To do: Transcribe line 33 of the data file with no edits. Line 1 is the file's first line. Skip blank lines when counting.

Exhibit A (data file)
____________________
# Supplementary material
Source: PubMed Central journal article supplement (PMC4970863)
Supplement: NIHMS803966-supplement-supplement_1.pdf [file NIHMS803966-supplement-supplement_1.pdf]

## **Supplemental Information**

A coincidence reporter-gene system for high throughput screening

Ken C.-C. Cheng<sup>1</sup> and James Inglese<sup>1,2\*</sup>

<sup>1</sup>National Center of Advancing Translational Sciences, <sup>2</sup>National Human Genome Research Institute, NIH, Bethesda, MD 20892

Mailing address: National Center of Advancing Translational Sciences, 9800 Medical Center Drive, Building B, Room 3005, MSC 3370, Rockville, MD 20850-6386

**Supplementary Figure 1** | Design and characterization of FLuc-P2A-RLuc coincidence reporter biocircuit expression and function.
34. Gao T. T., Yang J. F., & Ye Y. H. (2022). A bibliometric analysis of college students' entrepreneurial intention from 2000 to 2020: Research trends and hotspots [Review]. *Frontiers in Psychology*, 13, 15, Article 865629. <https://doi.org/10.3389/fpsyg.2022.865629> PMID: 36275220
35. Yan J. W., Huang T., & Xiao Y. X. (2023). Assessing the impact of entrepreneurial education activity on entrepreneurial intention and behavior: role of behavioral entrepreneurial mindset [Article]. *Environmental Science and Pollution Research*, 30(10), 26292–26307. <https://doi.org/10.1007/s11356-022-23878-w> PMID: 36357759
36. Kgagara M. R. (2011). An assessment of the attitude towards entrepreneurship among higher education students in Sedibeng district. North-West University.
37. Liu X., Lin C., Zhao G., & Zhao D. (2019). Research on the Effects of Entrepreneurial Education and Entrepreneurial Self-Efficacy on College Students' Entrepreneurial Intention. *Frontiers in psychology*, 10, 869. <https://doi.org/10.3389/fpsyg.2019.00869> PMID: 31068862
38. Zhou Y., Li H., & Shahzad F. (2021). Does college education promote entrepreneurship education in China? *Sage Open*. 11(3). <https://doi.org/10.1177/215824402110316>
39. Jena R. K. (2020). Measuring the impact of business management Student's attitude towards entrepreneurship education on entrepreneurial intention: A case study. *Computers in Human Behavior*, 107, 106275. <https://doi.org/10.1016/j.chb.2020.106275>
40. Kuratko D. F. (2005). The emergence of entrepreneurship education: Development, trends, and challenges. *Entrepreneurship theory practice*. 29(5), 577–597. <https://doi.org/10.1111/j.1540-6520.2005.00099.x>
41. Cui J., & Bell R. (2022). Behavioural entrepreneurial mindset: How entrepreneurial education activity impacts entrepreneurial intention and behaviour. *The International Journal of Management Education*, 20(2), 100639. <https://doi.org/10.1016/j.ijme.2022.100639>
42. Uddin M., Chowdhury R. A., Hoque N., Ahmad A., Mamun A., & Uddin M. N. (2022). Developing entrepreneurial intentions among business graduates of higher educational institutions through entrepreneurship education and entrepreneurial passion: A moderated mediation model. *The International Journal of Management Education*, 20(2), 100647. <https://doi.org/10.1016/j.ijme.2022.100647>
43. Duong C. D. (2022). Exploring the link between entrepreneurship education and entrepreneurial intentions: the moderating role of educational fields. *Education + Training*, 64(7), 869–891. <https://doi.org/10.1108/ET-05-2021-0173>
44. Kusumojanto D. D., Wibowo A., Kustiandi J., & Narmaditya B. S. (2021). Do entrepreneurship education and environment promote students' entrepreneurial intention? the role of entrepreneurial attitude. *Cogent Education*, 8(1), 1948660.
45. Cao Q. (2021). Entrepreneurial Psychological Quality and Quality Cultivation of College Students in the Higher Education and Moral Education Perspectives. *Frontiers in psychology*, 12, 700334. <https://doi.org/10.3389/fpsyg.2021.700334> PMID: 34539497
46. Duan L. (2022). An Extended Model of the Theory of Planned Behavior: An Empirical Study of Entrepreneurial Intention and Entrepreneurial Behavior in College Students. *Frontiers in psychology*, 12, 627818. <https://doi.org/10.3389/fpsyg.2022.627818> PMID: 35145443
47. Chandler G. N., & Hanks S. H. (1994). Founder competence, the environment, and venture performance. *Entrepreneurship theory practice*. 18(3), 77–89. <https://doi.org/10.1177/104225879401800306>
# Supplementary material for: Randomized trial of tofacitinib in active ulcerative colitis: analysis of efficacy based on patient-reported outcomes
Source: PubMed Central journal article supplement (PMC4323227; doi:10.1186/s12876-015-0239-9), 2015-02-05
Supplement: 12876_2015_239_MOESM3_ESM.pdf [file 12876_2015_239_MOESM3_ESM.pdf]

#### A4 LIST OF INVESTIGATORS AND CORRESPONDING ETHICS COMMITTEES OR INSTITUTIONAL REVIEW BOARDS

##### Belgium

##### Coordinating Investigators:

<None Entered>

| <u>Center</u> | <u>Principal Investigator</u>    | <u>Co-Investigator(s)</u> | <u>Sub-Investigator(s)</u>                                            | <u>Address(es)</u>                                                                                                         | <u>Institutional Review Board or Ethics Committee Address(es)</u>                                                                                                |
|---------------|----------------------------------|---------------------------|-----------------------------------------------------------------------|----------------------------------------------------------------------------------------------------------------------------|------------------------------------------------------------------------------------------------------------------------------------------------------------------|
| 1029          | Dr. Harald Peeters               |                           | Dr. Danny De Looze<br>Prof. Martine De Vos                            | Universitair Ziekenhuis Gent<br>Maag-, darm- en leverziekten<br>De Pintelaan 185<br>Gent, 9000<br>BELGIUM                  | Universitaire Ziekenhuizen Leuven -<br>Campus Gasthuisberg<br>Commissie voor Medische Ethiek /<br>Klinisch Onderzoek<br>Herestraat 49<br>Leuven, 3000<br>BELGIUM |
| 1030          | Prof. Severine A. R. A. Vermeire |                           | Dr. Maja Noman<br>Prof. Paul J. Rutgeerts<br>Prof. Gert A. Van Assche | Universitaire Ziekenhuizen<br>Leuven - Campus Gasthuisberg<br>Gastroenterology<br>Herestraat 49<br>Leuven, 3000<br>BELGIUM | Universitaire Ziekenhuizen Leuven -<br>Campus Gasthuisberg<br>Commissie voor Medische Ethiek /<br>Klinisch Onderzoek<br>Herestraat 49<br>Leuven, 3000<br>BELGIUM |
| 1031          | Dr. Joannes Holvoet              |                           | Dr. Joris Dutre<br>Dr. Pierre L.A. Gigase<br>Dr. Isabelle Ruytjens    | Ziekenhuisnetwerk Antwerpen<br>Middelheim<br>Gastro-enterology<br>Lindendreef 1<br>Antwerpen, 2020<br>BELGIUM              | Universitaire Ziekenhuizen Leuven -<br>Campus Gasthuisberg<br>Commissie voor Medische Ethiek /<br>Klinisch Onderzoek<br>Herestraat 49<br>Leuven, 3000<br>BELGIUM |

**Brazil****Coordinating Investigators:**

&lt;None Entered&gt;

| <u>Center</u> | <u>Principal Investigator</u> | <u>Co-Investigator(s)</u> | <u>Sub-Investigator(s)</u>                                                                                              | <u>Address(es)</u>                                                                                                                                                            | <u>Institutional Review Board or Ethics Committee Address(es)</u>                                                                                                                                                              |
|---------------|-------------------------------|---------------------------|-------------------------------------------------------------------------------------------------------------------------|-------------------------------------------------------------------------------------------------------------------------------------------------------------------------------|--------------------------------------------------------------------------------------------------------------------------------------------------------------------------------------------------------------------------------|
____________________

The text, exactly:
| 1029          | Dr. Harald Peeters               |                           | Dr. Danny De Looze<br>Prof. Martine De Vos                            | Universitair Ziekenhuis Gent<br>Maag-, darm- en leverziekten<br>De Pintelaan 185<br>Gent, 9000<br>BELGIUM                  | Universitaire Ziekenhuizen Leuven -<br>Campus Gasthuisberg<br>Commissie voor Medische Ethiek /<br>Klinisch Onderzoek<br>Herestraat 49<br>Leuven, 3000<br>BELGIUM |